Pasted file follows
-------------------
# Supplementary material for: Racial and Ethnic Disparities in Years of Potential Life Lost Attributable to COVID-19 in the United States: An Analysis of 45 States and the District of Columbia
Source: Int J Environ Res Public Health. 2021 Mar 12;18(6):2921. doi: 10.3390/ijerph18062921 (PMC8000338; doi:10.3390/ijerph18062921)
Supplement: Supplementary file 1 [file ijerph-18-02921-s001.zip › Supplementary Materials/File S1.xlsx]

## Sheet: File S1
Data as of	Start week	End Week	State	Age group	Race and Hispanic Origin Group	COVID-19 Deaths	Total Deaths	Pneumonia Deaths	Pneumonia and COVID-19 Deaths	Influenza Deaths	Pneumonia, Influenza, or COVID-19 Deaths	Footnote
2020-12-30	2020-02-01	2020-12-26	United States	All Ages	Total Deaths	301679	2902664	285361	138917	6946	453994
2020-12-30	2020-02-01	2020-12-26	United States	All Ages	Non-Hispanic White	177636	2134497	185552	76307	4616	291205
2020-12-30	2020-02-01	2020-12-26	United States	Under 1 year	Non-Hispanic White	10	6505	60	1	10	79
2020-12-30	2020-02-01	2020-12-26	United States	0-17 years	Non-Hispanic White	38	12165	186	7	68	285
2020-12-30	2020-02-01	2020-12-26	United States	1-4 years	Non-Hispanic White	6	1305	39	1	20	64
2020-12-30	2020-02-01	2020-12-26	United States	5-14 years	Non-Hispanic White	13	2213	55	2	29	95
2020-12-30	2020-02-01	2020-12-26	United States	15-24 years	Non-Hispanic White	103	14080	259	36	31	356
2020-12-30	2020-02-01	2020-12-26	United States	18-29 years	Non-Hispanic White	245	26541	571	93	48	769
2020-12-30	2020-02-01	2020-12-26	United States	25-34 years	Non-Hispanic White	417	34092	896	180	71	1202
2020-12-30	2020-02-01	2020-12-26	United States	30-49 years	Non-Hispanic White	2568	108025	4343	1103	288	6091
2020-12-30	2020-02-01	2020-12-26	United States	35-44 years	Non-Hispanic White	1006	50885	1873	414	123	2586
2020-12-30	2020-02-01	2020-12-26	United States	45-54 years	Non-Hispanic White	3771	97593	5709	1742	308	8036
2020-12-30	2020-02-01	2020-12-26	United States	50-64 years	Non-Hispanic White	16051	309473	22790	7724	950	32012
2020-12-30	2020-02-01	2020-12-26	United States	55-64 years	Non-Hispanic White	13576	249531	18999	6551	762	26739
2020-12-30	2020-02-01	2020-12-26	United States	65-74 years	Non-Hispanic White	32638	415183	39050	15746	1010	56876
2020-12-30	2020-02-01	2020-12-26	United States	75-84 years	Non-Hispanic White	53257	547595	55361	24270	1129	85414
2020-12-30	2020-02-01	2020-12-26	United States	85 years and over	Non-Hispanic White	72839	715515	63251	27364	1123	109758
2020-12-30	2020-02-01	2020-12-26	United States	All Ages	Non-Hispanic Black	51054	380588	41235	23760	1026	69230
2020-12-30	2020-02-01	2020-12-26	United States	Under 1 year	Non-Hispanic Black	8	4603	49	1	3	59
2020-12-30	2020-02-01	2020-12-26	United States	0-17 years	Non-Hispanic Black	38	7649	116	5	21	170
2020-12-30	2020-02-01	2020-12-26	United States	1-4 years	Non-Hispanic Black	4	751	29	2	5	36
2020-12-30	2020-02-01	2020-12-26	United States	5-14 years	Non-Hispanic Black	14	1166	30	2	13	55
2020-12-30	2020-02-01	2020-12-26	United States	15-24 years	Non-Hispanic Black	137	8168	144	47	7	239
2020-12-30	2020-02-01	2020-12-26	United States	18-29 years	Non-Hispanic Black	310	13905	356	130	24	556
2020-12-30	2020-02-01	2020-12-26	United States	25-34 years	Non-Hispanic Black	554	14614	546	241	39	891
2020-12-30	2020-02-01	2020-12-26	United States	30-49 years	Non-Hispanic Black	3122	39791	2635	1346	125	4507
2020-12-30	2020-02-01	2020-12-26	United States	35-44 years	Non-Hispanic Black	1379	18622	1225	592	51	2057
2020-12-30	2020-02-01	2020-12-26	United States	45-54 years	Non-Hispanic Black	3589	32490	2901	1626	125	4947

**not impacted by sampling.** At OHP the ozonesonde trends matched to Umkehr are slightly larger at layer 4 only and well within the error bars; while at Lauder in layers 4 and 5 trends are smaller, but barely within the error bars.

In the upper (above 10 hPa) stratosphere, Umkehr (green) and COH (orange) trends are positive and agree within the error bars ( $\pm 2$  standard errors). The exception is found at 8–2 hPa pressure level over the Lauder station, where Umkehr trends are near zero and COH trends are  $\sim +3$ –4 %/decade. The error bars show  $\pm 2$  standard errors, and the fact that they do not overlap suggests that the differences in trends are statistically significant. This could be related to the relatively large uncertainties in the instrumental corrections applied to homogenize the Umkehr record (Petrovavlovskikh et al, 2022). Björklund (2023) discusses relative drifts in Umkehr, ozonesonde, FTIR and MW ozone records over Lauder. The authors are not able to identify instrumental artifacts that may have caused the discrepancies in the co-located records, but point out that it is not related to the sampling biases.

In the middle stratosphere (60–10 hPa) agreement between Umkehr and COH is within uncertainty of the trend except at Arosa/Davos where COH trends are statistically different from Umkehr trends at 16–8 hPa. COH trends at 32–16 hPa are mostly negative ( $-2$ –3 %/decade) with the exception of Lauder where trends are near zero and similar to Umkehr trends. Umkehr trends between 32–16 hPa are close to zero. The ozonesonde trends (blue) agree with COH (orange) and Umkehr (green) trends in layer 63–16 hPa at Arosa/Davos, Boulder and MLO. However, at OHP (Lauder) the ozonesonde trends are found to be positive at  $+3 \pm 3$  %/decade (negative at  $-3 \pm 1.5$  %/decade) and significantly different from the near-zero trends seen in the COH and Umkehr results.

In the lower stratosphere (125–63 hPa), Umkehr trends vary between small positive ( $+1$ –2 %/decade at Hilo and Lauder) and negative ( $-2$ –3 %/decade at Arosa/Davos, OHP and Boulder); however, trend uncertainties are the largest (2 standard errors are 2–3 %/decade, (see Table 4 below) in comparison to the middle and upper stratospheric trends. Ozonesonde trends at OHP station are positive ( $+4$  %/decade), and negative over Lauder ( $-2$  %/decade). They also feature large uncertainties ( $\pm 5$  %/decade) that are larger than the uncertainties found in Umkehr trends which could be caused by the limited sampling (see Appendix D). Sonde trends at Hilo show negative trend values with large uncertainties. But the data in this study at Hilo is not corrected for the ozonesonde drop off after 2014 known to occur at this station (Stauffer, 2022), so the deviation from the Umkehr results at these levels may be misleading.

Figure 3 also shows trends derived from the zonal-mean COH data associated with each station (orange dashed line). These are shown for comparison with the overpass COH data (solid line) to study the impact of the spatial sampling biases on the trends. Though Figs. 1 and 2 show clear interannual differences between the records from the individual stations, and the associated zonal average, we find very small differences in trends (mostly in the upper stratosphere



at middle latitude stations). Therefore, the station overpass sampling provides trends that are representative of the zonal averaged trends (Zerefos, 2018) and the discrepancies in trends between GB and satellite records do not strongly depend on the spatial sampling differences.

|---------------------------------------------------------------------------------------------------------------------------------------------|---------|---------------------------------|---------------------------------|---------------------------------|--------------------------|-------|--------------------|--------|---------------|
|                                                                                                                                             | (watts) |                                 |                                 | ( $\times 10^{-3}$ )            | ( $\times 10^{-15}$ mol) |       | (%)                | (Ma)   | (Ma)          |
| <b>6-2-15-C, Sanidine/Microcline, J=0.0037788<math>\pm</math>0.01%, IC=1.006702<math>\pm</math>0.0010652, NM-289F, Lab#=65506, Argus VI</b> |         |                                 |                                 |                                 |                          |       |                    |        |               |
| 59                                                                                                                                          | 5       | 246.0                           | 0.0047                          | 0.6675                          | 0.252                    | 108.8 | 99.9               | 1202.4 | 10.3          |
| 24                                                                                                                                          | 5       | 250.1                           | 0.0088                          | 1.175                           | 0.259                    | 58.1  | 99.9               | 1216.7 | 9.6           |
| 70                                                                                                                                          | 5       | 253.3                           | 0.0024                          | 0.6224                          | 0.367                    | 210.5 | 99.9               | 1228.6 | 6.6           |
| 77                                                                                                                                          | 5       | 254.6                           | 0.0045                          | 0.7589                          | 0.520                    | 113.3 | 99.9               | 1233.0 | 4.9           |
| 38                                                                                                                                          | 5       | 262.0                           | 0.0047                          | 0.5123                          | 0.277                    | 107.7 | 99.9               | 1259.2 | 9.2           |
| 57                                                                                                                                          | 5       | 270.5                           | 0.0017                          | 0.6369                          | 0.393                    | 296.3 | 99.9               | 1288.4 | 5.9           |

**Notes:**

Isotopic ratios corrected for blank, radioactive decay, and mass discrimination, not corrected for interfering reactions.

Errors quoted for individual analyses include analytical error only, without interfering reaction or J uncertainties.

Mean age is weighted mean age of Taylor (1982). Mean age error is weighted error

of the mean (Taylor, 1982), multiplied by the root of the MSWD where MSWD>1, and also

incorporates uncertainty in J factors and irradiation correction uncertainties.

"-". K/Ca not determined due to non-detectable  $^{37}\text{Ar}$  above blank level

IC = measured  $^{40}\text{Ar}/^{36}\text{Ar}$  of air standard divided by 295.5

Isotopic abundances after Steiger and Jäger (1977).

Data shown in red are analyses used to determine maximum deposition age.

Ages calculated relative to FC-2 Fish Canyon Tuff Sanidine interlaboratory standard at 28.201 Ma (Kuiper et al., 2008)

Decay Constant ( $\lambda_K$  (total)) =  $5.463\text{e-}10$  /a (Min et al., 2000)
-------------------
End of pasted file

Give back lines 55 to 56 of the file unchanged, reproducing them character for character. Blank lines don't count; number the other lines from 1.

"-". K/Ca not determined due to non-detectable  $^{37}\text{Ar}$  above blank level

IC = measured  $^{40}\text{Ar}/^{36}\text{Ar}$  of air standard divided by 295.5